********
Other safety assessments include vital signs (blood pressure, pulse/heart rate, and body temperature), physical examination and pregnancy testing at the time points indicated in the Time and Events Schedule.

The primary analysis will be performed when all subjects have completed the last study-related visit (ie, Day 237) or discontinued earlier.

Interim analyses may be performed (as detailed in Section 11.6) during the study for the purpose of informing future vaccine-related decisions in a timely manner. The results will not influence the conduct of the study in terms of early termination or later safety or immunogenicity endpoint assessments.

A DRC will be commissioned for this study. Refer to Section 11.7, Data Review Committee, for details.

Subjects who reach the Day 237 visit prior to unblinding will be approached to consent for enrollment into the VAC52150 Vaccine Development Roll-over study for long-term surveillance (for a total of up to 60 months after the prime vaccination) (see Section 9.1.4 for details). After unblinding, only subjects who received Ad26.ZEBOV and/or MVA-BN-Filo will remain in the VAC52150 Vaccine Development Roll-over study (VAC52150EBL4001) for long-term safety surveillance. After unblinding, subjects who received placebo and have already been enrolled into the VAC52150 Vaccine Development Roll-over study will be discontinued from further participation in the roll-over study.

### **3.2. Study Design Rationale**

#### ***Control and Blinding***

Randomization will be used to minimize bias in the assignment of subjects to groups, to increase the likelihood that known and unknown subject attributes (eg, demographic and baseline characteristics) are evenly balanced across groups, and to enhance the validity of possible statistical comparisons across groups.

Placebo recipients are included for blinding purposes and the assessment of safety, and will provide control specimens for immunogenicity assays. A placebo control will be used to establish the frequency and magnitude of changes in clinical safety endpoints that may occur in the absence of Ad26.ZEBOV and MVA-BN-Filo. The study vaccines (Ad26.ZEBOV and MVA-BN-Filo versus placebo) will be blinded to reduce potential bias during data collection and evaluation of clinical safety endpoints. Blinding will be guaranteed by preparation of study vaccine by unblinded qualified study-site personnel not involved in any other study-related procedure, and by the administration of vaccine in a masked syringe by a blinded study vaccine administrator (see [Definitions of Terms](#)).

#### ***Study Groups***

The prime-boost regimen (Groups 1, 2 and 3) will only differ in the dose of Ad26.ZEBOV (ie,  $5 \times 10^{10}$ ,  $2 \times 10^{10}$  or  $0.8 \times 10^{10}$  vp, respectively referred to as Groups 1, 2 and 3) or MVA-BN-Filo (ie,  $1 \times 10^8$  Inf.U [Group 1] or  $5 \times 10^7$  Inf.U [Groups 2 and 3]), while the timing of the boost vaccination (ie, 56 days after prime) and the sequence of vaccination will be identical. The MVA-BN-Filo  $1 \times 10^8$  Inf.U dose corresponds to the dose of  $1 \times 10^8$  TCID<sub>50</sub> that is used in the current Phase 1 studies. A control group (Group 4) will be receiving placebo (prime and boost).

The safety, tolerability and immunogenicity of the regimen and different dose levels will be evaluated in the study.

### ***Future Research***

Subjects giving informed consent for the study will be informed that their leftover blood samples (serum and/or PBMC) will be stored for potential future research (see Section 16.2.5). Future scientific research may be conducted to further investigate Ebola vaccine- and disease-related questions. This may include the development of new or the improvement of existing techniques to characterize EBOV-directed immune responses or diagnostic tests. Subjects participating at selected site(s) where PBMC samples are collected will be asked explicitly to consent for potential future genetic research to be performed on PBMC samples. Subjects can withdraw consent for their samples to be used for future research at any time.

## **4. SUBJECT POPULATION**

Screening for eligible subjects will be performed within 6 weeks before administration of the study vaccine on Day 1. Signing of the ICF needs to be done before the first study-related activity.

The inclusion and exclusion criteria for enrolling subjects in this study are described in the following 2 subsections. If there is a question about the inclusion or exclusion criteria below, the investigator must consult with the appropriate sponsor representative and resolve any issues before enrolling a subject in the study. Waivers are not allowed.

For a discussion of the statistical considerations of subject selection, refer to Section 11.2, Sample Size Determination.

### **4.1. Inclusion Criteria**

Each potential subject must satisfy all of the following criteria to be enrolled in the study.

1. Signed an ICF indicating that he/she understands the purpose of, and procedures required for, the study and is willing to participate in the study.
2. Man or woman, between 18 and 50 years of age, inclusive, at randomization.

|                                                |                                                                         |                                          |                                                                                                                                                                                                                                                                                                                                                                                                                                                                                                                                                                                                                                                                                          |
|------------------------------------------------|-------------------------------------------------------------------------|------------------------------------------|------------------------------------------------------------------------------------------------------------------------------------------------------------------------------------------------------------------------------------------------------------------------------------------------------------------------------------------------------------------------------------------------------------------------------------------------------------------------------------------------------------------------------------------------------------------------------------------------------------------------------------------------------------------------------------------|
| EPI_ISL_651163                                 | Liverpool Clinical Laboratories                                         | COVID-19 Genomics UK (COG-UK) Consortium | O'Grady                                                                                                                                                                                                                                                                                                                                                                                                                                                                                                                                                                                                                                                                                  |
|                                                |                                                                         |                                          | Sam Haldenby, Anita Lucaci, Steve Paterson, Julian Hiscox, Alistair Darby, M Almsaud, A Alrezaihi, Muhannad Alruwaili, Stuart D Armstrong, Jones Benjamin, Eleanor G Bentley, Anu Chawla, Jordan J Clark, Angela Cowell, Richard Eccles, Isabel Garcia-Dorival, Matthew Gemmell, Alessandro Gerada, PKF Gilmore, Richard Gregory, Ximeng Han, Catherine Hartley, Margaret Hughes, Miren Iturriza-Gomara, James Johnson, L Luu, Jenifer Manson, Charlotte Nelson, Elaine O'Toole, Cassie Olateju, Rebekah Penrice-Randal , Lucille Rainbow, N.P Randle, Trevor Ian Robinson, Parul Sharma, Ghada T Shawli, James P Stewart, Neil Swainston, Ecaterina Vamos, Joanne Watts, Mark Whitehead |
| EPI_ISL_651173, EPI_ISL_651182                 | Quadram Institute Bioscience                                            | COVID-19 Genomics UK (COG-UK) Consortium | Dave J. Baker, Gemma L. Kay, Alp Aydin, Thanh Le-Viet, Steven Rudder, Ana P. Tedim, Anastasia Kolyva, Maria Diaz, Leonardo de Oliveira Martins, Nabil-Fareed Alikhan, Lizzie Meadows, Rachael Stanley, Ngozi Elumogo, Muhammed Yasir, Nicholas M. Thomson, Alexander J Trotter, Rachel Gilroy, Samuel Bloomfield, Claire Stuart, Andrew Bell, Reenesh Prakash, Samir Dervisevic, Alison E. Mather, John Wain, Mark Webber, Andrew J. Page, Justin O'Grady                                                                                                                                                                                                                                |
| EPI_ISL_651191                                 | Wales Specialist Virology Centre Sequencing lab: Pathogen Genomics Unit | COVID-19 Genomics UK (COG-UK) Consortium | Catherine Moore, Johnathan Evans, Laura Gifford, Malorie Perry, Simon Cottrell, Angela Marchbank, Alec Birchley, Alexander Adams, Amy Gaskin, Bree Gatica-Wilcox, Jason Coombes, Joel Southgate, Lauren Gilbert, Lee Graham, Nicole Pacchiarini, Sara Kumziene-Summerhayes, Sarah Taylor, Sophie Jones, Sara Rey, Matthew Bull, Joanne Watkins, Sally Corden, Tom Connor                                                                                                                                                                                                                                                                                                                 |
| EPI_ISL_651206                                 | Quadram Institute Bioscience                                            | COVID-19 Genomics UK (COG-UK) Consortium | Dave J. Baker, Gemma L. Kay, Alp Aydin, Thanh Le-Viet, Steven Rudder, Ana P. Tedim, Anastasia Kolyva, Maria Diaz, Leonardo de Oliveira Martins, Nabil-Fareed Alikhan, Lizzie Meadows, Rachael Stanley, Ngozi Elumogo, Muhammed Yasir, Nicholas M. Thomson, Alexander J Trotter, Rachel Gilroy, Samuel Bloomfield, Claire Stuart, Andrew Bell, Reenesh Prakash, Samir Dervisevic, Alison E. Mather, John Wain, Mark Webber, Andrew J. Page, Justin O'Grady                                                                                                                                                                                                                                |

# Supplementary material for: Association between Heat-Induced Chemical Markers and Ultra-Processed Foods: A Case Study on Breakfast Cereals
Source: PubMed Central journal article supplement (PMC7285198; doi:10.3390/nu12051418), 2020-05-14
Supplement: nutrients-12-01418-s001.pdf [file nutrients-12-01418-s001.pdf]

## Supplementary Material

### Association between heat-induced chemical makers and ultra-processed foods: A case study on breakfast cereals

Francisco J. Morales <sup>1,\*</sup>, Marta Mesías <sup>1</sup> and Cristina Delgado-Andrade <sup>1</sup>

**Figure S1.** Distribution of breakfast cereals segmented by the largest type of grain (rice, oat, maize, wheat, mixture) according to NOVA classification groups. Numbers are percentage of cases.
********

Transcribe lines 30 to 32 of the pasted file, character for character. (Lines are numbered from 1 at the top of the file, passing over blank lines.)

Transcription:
# Supplementary material for: Association between Heat-Induced Chemical Markers and Ultra-Processed Foods: A Case Study on Breakfast Cereals
Source: PubMed Central journal article supplement (PMC7285198; doi:10.3390/nu12051418), 2020-05-14
Supplement: nutrients-12-01418-s001.pdf [file nutrients-12-01418-s001.pdf]